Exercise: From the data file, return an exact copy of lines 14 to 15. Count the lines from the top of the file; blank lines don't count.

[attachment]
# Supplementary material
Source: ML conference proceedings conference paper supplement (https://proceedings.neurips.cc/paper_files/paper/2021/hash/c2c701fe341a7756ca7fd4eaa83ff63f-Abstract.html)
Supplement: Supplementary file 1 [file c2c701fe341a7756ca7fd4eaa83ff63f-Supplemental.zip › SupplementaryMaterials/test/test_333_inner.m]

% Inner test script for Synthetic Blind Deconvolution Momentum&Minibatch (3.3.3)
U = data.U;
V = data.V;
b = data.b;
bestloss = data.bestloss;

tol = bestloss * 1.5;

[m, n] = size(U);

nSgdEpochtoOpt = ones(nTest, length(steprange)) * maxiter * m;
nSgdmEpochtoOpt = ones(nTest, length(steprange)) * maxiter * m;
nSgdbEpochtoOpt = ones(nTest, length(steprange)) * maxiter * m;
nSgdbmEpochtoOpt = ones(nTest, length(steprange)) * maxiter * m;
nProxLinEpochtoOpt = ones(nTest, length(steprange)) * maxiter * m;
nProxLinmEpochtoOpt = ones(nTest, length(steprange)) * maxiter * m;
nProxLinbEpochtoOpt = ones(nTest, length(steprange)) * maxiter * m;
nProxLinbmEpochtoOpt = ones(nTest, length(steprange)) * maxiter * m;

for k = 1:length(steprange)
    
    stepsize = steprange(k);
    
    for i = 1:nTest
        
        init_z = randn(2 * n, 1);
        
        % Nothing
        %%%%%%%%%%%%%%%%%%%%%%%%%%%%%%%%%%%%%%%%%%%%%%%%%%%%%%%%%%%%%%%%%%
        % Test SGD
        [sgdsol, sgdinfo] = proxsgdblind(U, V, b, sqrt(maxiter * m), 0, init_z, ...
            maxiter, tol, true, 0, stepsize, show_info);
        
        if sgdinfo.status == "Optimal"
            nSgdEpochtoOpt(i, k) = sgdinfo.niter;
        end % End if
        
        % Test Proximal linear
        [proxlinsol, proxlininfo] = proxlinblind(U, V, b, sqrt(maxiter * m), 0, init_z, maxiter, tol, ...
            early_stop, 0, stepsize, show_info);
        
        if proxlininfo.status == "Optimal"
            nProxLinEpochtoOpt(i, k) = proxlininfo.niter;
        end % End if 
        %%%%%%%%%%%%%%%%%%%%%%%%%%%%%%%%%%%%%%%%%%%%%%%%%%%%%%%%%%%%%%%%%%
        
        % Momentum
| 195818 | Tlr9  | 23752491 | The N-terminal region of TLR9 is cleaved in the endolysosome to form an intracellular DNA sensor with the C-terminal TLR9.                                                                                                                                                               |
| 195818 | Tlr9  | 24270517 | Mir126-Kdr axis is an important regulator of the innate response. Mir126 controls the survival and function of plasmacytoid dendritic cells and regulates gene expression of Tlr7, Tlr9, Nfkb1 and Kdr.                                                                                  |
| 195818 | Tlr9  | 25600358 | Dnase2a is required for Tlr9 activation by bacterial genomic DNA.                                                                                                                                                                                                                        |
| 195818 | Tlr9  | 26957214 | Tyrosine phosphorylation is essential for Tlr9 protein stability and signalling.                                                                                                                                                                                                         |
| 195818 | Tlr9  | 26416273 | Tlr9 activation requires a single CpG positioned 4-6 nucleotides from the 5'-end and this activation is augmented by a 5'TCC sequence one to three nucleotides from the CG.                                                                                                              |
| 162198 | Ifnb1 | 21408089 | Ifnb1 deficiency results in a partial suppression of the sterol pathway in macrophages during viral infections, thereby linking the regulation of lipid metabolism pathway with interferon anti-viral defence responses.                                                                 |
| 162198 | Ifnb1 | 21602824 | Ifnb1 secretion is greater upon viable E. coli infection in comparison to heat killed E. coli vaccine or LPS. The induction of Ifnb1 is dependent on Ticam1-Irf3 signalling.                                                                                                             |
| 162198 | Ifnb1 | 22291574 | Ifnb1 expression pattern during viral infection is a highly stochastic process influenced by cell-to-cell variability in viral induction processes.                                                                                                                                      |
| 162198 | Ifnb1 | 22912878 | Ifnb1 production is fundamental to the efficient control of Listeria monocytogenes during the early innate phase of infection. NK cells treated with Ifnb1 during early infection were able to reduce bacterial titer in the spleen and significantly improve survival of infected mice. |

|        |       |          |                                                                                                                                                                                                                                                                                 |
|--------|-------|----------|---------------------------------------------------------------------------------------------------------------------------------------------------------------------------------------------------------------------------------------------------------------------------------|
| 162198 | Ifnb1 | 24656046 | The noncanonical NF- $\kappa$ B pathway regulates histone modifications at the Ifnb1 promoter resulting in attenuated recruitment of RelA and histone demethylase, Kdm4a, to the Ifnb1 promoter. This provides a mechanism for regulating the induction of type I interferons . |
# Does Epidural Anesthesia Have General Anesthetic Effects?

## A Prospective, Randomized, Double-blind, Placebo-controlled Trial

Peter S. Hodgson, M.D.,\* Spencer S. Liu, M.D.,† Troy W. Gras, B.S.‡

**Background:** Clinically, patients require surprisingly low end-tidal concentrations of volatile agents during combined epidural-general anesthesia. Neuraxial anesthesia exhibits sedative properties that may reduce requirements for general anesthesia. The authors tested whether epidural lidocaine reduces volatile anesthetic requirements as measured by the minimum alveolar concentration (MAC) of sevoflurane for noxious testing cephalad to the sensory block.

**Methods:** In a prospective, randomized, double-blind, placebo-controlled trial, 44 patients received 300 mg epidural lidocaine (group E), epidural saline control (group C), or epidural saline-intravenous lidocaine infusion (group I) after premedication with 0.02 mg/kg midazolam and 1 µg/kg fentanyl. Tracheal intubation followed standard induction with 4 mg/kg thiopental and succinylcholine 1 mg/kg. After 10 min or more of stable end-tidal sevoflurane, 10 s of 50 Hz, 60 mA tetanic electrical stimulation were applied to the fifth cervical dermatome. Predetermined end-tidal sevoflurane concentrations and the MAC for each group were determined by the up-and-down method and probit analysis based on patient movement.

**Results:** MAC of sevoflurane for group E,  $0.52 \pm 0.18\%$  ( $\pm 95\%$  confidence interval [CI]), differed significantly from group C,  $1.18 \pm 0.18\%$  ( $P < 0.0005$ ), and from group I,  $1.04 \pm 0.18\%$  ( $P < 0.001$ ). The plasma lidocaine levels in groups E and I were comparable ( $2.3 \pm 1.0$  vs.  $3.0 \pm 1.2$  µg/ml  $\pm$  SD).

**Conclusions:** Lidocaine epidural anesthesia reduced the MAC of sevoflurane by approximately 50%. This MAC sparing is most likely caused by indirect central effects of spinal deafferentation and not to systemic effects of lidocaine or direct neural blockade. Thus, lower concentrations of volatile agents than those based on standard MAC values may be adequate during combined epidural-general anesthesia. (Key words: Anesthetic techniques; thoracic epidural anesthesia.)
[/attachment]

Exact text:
nSgdbmEpochtoOpt = ones(nTest, length(steprange)) * maxiter * m;
nProxLinEpochtoOpt = ones(nTest, length(steprange)) * maxiter * m;